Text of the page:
Then, depressed by the eerie materialism, I’d see something touching. In the evenings squares throughout China fill with line-dancing women. Smiling and trying out their few English words, they taught us steps, and left us thinking, ‘I’d never find that in England’.

With one month left I’m ambivalent about my year in China. I will miss my students, and keep in touch with some. Although my experience has been mixed, I’m trying not to let the school’s attitude overshadow good memories. Whereas Shimen’s apathy implies that they don’t really enjoy having foreign teachers, despite oh-so-smiley welcome dinners, other foreigners praise their schools.

Nonetheless I could never assimilate to Chinese culture; however long I lived here I would always be a foreigner, subject to assumptions, never truly accepted. Sometimes I am unsure why I am here – perhaps the increased fees that schools with foreign teachers charge – when a DVD could replace me. China’s foreign teachers are expected to conform to Chinese culture, yet with no lee-way for our cultural differences. We’re invited here to teach ‘Western Culture’, then instructed not to behave like Westeners.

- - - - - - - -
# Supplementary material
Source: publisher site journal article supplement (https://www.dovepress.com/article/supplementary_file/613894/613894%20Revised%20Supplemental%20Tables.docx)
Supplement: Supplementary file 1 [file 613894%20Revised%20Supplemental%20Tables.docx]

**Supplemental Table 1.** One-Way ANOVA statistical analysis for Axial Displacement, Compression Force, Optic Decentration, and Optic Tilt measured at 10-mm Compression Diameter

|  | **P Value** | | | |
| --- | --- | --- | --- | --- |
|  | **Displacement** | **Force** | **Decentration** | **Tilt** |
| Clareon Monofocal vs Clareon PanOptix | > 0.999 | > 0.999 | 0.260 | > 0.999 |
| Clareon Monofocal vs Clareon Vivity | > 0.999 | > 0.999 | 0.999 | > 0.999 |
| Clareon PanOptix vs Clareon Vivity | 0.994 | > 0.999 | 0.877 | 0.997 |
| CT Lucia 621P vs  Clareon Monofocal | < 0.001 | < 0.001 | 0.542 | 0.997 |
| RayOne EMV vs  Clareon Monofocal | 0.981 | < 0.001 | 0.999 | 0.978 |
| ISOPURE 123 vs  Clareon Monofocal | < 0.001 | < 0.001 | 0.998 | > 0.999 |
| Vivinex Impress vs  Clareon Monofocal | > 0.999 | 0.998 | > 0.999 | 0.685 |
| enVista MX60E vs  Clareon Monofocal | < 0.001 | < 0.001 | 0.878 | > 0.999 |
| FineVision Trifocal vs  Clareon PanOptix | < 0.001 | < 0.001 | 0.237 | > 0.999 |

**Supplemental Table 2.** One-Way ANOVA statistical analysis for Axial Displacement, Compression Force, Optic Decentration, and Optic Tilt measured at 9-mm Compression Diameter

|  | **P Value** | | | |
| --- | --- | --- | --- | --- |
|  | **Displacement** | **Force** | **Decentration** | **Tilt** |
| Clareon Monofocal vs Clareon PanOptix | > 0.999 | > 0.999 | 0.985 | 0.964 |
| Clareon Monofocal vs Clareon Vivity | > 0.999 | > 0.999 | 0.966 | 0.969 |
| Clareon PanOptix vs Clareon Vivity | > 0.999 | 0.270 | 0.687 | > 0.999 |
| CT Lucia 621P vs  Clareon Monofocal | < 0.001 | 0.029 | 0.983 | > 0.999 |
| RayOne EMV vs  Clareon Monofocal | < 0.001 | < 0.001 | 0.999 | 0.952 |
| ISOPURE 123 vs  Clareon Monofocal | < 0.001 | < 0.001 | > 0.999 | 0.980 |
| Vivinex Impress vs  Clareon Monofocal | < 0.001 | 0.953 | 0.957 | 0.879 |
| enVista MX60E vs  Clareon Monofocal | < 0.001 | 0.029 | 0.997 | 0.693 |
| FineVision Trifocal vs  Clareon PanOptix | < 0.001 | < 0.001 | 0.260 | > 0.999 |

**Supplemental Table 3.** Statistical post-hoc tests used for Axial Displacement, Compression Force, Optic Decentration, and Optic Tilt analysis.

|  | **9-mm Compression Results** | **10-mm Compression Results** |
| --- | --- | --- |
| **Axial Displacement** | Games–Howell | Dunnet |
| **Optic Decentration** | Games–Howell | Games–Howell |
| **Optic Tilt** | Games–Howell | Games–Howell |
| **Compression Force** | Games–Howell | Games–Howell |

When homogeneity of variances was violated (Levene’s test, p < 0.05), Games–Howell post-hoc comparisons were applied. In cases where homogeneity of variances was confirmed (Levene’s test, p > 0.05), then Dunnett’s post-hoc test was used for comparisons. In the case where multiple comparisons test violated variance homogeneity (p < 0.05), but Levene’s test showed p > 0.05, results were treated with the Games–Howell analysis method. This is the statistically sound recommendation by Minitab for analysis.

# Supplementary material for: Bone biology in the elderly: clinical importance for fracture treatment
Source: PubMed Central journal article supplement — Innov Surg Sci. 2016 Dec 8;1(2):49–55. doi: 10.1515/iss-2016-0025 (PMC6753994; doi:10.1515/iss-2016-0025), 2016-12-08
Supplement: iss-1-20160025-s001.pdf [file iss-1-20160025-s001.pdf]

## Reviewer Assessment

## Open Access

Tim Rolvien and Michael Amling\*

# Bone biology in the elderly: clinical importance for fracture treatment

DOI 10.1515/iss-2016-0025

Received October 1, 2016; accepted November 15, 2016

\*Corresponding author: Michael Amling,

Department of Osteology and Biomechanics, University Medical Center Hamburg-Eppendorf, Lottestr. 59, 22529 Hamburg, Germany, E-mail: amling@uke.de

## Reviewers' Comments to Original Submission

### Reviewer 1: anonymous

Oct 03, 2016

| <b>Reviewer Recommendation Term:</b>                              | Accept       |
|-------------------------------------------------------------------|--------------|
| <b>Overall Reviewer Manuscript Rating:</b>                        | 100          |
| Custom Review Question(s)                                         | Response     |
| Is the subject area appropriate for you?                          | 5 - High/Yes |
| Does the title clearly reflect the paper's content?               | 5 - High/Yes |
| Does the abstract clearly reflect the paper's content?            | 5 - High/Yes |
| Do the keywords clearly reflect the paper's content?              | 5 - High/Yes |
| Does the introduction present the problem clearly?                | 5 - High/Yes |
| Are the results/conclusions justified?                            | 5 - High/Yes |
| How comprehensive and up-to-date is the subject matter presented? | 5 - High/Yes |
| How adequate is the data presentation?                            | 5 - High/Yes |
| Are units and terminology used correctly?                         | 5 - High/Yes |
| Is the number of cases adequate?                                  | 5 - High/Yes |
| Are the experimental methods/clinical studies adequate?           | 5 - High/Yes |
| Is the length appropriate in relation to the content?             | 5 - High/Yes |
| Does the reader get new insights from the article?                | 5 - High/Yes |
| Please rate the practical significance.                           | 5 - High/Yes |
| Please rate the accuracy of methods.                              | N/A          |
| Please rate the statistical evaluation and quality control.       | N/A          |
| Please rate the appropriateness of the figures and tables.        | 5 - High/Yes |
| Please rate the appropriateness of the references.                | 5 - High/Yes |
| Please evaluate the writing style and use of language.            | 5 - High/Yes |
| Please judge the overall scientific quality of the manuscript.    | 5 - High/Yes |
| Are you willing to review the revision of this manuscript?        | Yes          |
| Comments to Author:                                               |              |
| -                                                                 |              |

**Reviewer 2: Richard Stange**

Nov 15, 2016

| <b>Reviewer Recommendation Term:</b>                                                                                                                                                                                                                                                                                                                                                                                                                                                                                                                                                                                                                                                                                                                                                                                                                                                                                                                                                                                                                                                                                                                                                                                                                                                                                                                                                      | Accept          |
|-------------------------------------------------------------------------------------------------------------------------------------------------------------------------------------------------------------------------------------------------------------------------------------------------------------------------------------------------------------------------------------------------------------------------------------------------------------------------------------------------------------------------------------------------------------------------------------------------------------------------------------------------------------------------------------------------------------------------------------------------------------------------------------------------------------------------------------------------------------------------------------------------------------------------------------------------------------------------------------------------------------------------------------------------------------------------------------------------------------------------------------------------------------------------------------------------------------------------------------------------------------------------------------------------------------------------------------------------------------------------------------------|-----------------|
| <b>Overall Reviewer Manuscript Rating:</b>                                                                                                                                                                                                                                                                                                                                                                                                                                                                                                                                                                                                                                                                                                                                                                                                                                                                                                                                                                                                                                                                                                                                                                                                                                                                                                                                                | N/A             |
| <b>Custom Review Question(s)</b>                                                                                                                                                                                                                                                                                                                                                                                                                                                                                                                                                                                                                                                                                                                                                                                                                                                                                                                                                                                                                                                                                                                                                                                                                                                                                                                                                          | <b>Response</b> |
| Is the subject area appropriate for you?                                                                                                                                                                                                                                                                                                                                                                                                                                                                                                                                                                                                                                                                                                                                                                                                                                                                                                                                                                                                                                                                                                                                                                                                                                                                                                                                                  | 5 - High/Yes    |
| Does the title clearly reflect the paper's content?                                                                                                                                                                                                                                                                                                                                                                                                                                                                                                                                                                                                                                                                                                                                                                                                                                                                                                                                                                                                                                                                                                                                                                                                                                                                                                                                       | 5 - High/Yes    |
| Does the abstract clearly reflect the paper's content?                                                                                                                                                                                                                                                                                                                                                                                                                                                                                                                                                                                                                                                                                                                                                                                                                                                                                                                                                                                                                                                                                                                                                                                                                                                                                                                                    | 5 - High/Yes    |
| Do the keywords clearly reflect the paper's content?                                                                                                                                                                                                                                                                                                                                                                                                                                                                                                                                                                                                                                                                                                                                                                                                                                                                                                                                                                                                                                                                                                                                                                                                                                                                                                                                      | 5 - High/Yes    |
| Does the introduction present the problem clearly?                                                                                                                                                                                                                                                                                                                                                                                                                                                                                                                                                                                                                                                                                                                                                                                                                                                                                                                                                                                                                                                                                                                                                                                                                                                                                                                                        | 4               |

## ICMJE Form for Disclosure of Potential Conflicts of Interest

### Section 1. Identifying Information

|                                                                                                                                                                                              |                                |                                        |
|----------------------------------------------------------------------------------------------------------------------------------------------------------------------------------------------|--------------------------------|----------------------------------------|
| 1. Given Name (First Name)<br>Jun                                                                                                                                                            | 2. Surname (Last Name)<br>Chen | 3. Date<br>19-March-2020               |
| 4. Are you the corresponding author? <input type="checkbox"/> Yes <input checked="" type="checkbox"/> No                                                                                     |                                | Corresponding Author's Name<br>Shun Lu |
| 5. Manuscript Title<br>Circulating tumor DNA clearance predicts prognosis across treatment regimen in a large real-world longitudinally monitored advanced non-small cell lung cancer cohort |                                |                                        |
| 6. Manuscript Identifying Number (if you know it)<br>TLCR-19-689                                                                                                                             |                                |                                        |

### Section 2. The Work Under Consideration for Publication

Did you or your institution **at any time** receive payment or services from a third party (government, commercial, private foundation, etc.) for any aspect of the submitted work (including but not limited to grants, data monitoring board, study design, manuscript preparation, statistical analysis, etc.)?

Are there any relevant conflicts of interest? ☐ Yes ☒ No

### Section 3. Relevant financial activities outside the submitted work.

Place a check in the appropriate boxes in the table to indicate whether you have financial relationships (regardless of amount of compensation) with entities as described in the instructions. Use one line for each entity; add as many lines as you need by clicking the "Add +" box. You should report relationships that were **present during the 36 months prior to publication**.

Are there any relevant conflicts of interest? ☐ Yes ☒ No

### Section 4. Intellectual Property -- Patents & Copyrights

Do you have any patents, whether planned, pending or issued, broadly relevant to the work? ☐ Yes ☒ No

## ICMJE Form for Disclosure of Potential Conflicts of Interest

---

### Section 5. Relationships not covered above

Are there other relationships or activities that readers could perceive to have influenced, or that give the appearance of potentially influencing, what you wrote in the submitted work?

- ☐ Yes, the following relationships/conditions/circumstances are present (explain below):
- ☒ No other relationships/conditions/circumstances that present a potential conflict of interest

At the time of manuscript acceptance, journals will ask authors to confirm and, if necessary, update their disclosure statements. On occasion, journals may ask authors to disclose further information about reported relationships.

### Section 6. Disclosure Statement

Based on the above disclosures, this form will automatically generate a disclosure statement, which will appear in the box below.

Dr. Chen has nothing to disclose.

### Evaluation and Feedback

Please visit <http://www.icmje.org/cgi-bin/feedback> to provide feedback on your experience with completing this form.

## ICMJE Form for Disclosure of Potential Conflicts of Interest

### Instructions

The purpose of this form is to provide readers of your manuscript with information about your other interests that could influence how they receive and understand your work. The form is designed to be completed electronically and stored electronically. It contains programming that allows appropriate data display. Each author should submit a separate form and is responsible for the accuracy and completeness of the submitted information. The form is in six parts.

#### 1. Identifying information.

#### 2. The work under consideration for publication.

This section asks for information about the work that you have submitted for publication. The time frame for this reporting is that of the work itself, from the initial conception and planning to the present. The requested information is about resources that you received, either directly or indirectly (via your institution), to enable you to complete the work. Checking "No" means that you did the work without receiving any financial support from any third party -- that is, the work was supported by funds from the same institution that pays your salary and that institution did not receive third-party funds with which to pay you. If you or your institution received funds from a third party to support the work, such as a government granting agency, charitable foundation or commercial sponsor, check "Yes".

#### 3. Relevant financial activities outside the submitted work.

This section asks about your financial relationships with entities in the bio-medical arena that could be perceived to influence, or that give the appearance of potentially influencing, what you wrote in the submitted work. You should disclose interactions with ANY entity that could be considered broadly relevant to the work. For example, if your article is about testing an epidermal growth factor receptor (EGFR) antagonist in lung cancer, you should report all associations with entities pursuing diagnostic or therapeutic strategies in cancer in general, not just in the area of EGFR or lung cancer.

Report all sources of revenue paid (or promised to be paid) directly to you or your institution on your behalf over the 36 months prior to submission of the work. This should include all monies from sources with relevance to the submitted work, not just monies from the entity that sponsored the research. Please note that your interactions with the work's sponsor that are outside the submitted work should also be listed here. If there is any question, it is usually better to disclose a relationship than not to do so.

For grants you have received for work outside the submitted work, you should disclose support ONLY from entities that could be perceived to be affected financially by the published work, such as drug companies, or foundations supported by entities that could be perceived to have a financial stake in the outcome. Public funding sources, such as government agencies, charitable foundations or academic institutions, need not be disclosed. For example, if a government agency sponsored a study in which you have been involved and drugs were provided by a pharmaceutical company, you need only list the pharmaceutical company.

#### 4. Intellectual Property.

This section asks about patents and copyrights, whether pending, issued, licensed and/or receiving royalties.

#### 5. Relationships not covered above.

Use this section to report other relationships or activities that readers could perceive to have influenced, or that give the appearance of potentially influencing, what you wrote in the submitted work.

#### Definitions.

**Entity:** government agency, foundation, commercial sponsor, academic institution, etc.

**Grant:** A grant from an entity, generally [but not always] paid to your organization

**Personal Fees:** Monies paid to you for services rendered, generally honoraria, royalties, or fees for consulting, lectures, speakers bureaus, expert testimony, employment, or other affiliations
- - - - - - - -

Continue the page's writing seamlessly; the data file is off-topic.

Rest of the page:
China recognises the need for its children to learn English. But only on Chinese terms.

Jen Newby